American actor and playwright Ossie Davis, Malcolm’s friend, said: “Malcolm was an expert on the damage that slavery and racism had done to the black man’s image of himself. He was equally expert in what had to be done to remedy that egregious lack of self-esteem. He knew it would take more than civil rights legislation, jobs and education to really save the black man— He felt, as did some of us, that to ask a man who had already been beaten up and beaten down to be nonviolent was only to change black pathology into another religion.” Elsewhere, Malcolm argued with chilling perspicacity that “victims of racism are created in the image of the racists.”

In an interview with South Africa’s Sunday Express in 1965, after the Sharpeville Massacres and the Rivonia trials that had all but snuffed out opposition to apartheid, he urged blacks to use violence “all the way— I don’t give the [South African] blacks credit in any way— for restraining themselves or confining themselves to ground rules that limit the scope of their activity.”

Even though, in Malcolm’s worldview, the range of tools of struggle available to the oppressed blacks had widened, he still had no time for people like Chief Albert Luthuli, whom he dismissed as “just another Martin Luther King, used to keep the oppressed people in check.”

Malcolm considered the forgotten Sobukwe and the iconic Mandela the country’s “real leaders”. Both Mandela and Malcolm have undergone metamorphoses. Some of the people who adore Mandela today are the very same who considered him a terrorist yesterday. Marable argues that “although today Mandela is perceived as a racial reconciliator, much like King, a half a century ago the future president of South Africa largely shared Malcolm’s views about the necessity of armed struggle in Africa”.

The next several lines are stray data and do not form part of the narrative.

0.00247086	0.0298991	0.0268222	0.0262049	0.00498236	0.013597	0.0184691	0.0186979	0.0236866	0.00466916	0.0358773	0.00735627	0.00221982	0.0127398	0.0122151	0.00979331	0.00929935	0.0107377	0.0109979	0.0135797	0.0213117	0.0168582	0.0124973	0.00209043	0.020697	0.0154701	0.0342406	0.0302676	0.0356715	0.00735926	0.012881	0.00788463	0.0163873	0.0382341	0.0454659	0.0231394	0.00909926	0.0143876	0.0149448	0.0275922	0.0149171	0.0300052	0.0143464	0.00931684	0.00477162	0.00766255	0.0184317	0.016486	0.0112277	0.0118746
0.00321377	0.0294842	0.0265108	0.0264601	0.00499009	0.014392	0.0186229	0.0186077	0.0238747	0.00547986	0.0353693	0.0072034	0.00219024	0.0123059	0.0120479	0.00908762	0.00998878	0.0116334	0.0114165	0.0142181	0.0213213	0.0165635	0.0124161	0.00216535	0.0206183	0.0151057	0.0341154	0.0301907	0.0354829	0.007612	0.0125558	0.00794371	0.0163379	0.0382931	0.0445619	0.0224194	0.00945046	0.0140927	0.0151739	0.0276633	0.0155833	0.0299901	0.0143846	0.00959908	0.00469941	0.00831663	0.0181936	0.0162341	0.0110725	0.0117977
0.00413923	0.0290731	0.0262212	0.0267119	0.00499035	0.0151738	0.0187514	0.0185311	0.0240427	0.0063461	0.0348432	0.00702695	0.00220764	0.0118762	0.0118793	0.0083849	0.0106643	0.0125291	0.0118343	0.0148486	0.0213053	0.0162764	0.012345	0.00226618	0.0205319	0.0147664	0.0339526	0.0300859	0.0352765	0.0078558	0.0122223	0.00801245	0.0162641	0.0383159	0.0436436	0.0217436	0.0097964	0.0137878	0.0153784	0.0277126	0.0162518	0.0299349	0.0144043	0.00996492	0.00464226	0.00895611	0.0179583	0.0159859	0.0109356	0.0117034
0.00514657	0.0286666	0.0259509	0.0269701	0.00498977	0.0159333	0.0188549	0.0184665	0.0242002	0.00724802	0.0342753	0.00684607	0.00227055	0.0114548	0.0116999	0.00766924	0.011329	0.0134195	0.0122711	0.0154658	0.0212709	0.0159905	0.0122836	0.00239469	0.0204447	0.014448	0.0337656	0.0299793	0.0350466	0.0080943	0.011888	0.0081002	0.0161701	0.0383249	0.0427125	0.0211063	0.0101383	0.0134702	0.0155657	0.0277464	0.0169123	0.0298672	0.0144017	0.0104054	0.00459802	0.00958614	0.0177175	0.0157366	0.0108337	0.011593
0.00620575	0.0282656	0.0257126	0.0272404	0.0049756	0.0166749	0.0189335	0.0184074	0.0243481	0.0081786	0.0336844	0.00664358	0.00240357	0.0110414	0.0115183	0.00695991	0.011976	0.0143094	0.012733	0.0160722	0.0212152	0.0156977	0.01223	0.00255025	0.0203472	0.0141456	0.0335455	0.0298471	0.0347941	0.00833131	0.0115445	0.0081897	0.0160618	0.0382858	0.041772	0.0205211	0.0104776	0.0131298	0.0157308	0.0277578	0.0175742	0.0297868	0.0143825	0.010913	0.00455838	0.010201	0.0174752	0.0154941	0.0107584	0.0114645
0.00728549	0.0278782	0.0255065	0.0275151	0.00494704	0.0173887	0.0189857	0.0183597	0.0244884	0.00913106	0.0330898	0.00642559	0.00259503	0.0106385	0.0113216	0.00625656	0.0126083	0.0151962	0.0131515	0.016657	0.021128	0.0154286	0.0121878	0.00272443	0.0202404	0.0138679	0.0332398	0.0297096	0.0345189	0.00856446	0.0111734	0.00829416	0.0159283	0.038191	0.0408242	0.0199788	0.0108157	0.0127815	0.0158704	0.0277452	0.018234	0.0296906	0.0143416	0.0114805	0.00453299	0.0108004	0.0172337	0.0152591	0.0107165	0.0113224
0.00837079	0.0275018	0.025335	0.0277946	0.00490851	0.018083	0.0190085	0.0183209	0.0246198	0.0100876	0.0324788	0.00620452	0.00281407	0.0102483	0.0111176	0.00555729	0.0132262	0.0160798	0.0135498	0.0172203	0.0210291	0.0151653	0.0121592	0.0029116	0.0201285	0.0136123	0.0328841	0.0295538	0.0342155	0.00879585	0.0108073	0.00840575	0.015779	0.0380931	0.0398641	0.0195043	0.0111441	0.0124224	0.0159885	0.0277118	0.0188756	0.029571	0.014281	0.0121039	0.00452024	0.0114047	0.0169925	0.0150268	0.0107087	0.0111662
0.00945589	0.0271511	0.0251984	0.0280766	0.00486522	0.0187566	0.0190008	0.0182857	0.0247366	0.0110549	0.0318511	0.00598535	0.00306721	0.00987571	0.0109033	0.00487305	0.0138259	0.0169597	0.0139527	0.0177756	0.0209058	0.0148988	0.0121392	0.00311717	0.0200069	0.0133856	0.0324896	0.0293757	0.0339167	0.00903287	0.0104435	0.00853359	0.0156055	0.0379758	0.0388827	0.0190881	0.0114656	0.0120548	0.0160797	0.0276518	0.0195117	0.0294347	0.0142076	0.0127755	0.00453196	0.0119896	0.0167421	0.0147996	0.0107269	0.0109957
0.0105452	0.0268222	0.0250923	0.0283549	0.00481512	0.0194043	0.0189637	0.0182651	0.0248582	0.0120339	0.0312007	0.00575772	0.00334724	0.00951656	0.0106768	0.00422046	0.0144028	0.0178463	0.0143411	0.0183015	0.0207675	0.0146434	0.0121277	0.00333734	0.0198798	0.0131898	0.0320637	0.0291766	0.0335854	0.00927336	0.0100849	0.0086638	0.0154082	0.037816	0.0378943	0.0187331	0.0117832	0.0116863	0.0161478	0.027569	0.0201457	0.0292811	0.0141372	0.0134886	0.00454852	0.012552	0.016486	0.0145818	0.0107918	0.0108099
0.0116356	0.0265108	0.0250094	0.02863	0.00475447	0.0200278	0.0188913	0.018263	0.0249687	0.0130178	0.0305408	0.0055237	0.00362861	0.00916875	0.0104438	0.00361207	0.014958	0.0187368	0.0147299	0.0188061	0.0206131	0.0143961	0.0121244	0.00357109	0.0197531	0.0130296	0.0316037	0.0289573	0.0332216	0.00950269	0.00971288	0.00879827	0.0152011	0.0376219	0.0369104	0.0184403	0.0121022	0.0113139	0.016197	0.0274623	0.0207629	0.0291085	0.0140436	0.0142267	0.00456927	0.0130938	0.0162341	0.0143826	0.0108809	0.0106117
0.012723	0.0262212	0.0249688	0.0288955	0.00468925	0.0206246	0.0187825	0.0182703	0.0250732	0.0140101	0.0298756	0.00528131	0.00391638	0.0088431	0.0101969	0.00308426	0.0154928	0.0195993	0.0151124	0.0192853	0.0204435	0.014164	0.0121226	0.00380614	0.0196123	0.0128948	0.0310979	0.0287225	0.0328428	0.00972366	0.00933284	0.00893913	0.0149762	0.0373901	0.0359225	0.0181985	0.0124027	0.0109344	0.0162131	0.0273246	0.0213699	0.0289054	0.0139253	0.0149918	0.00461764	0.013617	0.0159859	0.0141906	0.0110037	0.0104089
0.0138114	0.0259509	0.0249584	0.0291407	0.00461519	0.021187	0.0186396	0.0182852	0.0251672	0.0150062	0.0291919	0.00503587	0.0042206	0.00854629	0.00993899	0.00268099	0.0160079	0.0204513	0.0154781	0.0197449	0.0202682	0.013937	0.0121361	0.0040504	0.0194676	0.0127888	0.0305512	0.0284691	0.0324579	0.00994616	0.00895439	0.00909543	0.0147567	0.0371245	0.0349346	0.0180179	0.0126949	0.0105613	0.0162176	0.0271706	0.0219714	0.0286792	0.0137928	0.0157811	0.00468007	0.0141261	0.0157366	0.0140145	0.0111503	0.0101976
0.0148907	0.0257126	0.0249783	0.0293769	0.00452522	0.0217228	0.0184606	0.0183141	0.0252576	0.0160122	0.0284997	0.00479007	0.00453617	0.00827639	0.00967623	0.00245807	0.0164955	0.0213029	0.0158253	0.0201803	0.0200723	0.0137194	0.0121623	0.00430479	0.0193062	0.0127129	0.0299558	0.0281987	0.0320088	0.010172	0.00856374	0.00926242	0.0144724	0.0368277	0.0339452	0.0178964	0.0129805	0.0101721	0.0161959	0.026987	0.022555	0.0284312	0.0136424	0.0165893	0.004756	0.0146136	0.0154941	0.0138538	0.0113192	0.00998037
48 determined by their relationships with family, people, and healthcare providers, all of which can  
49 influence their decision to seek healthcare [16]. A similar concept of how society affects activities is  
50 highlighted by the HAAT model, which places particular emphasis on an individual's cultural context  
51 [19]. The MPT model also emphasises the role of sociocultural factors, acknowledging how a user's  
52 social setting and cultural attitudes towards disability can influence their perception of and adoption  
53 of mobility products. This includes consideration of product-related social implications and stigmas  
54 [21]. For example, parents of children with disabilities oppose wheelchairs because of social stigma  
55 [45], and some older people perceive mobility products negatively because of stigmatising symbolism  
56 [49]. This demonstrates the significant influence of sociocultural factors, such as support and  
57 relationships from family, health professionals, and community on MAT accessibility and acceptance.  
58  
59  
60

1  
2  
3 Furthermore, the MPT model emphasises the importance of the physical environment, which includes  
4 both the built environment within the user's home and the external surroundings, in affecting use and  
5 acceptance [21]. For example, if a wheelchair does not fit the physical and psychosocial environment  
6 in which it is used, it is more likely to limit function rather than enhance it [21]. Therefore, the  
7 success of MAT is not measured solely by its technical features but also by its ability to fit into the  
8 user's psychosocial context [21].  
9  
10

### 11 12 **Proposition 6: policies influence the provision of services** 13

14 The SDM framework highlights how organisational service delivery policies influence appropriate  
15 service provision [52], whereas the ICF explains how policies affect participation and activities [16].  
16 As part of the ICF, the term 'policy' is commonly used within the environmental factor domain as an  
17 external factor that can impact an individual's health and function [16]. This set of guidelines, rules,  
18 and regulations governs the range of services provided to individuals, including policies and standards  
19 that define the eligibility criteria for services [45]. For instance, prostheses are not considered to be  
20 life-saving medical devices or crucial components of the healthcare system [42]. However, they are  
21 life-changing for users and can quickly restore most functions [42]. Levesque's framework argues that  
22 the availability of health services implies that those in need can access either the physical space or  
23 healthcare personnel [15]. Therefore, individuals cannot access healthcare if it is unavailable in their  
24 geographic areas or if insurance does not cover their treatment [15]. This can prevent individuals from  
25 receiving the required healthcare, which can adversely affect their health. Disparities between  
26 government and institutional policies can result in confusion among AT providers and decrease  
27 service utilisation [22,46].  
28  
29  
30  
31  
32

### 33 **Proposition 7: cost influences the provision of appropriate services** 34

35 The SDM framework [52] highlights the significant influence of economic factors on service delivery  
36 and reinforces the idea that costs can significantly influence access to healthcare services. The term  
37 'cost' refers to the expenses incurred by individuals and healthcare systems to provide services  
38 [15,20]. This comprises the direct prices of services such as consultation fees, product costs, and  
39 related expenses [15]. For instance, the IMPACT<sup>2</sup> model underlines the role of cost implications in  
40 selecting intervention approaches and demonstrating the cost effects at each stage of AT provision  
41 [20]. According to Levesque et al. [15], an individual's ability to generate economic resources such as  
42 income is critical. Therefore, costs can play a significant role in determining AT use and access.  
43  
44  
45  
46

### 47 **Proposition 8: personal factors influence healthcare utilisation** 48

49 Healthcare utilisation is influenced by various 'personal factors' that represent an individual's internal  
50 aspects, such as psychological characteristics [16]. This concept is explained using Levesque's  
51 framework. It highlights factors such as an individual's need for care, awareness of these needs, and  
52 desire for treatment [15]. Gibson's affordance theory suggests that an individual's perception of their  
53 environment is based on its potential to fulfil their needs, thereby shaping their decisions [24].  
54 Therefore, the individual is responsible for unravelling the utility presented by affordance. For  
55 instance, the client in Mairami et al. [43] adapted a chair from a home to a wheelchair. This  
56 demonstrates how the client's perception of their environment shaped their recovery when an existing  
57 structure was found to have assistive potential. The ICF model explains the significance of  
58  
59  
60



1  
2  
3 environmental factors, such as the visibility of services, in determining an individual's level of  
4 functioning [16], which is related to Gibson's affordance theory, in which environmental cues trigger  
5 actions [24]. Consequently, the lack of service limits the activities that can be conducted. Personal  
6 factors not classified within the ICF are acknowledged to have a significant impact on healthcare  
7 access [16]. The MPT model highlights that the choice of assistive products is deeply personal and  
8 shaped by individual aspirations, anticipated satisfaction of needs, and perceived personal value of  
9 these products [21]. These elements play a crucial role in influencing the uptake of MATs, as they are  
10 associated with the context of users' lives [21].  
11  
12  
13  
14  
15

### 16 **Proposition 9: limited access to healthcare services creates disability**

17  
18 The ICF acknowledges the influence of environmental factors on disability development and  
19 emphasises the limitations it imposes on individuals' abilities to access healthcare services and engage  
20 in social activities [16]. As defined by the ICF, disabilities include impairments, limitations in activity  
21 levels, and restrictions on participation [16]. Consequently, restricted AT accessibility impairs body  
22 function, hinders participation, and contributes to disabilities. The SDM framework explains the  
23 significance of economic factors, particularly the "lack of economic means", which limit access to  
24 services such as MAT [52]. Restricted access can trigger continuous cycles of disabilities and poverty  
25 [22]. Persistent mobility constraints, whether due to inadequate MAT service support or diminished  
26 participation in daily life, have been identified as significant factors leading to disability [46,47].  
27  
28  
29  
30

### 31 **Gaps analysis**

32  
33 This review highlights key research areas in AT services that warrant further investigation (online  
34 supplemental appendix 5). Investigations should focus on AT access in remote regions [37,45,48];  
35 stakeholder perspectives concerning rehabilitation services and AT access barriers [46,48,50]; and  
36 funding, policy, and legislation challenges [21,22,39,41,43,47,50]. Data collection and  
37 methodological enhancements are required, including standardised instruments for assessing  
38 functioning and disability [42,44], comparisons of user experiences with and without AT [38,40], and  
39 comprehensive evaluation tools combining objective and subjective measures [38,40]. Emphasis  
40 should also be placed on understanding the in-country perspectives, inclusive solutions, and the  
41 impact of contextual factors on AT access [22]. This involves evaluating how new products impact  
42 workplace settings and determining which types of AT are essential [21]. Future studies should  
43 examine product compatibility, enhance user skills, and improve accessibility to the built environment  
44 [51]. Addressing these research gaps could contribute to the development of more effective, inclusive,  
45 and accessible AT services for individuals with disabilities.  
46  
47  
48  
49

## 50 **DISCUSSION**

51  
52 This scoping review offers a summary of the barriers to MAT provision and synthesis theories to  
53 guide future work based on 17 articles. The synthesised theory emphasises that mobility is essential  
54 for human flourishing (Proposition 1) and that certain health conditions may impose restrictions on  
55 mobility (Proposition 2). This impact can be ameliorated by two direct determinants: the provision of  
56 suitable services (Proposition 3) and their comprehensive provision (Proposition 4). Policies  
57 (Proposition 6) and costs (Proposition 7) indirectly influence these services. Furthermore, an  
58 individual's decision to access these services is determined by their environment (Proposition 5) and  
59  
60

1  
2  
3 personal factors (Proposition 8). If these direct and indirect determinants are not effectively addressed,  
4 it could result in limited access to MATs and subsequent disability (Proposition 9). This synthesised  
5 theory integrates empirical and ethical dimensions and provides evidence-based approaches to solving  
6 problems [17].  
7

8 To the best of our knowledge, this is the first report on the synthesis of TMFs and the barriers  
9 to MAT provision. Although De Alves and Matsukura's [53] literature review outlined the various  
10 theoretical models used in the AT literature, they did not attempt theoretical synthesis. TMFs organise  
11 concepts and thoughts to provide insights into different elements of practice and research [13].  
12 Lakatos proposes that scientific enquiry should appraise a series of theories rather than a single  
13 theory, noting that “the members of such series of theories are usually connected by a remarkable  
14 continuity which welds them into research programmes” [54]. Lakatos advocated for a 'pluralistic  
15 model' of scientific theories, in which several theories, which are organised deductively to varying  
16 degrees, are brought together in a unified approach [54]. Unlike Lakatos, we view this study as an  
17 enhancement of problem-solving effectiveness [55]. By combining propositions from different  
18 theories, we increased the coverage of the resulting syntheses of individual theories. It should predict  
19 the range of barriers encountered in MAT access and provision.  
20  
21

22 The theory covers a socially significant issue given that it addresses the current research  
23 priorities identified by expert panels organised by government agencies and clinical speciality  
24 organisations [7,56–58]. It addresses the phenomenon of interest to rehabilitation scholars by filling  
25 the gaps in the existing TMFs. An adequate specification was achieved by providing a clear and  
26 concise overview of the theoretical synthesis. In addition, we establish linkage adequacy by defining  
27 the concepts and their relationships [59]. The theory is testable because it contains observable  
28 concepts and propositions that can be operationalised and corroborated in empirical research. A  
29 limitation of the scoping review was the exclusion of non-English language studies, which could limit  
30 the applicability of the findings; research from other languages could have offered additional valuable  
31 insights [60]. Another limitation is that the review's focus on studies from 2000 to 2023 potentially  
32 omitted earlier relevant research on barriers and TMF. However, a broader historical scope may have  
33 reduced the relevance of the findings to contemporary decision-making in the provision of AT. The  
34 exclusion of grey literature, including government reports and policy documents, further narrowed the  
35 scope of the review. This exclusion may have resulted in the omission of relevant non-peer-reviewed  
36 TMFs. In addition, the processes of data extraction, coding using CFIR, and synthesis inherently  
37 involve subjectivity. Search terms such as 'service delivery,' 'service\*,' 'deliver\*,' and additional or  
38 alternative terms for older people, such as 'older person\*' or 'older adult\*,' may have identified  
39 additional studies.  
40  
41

In the concluding chapter, Marable argues that the UN’s World Conference Against Racism, held in Durban in 2001, “was in many ways a fulfillment of Malcolm’s international vision”. Of the 11500 delegates, about 3000 were Americans, and two-thirds of those were black. “Malcolm believed that black freedom in the United States depended on internationalist geopolitical strategy.”

Marable’s biography, written in a style that’s mid way between an academic work and fiction, is extremely compelling and exhaustive, one of the best works of non-fiction I have read in a long time